There are many methods moms utilize to reduce stress while pumping, including listening to music, meditation, visualization and looking at pictures of their baby if they are apart. Distracting yourself can also work wonders, a fact that Newlin de Rojas stumbled on by accident.

“A friend of mine was upgrading her iPod, and she gave me her old video iPod with a couple of seasons of ‘The West Wing’ loaded on it,” she says. “I decided to try pumping while watching the program. I went from struggling to get 1 to 2 ounces to filling 6-ounce milk bags!”

6. Stock up on helpful supplies

Donna Kimick recommends using a hands-free pumping bra, where the pump flanges fit into your bra, leaving your hands free to hold your baby or tend to work. There are also breast shells (like Milkies Milk Saver or Lacti-Cups) that go inside your bra and collect any milk that leaks between feedings or while you nurse.

Liz Whalen, a mom from Little Neck, New York, recommends having multiple pump parts on hand in case anything get misplaced or damaged. She also shared a game-changing trick she learned.

“I read in a support forum about putting all the pump parts into a zip-lock and refrigerating then until the next pump,” she says. “I had been washing the pump parts out after every single pump, so that was a life-changing revelation for me.”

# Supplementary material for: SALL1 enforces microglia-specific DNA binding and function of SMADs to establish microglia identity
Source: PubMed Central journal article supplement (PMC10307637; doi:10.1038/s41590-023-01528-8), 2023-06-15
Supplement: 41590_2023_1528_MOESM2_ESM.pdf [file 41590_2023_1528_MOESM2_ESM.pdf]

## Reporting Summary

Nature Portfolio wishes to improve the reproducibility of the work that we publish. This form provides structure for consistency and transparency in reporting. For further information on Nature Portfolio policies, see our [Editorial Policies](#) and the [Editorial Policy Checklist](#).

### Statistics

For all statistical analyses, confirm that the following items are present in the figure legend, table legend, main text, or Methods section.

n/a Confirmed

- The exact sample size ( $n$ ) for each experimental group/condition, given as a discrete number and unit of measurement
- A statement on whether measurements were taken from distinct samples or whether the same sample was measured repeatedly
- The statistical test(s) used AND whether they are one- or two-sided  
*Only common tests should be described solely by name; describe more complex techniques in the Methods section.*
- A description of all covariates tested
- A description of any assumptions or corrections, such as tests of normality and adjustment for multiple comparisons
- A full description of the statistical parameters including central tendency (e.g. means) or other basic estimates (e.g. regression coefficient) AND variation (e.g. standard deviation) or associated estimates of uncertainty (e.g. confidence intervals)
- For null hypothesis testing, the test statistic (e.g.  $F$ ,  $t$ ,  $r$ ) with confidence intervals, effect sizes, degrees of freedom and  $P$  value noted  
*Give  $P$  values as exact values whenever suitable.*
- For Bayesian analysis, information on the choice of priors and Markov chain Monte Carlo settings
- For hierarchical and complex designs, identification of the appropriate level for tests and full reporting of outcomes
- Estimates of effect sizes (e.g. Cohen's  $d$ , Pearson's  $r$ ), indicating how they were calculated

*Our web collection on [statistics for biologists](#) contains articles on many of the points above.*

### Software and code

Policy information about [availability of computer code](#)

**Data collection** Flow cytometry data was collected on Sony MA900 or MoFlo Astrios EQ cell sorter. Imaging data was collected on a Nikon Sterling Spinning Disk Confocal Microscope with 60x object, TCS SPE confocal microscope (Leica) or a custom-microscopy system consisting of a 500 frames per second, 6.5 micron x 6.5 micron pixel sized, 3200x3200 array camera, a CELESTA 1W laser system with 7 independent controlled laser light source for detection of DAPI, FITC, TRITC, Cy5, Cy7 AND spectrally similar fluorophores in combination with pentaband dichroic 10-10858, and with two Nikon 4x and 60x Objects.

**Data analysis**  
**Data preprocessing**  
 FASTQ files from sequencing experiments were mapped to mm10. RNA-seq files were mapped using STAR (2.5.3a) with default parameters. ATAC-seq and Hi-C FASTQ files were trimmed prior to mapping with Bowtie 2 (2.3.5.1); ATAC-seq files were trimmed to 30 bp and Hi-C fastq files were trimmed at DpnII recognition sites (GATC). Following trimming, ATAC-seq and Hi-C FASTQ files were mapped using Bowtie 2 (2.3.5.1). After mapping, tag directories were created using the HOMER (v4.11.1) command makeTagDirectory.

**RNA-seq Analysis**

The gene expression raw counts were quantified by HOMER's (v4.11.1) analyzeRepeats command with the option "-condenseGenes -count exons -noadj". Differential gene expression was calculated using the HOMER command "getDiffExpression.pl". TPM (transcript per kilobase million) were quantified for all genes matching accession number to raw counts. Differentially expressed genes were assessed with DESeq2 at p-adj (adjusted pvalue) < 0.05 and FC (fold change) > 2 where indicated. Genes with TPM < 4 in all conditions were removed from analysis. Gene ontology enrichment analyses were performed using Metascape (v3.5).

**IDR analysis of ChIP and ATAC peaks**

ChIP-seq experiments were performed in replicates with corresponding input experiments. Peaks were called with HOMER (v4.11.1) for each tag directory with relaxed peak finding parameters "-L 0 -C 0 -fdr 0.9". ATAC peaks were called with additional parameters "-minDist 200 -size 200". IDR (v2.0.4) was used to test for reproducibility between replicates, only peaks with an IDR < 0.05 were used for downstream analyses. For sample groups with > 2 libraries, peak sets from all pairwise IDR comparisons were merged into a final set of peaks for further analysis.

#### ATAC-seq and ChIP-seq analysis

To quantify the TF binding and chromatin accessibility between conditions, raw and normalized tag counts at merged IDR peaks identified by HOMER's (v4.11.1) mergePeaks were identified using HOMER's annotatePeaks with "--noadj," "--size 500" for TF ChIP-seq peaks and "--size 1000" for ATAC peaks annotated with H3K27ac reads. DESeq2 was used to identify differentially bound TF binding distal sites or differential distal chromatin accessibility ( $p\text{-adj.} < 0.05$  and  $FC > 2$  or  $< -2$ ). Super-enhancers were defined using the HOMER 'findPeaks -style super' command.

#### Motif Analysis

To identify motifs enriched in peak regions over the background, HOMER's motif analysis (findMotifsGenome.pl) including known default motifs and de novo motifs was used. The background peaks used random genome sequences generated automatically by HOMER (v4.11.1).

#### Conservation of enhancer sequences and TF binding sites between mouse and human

Kimick gives this time-saving trick her stamp of approval and says refrigerating bottles and pump parts can help prevent bacteria from growing. (Although if you have a premature or ill baby, she says you should check with your doctor regarding pump sanitizing guidelines.)

7. Have realistic expectations

Expecting perfection with pumping can cause stress, advises Roberts. For example, she shares that the amount you pump isn’t always consistent and may even change over time.

“Most women can expect to pump 2 to 3 ounces after they nurse their child; however, the amount can vary,” she says.

You have to learn to meet yourself where you’re at, try not compare yourself to other moms and keep a positive attitude.

8. Sample breastfeeding and pumping schedule

Wondering how an actual breastfeeding and pumping schedule might look? Here’s an example, based on a young infant with an already established breastfeeding schedule and a mom who has access to her baby throughout the day.

Please note: This is only meant to serve as an example of one way a breastfeeding and pumping schedule might look. Every baby and mom has different needs and habits, so find the rhythm that works for you and your child.

Sample schedule

6 a.m.


7 a.m.


9 a.m.


12 p.m.


1 p.m.


3 p.m.


6 p.m. - 8:30 p.m.

Breastfeed/put baby to bed

10 p.m.


Most importantly, says Roberts, remember you are not meant to do this alone.

“I advise moms to meet with a lactation consultant if they are experiencing difficulty with collection of breast milk,” she says. “Having a specialist observe and make recommendations can be helpful in a potentially frustrating situation. Enrolling in a breastfeeding class or finding information online from other moms can be helpful, as well.”

Tips and stories from parents and caregivers who’ve been there.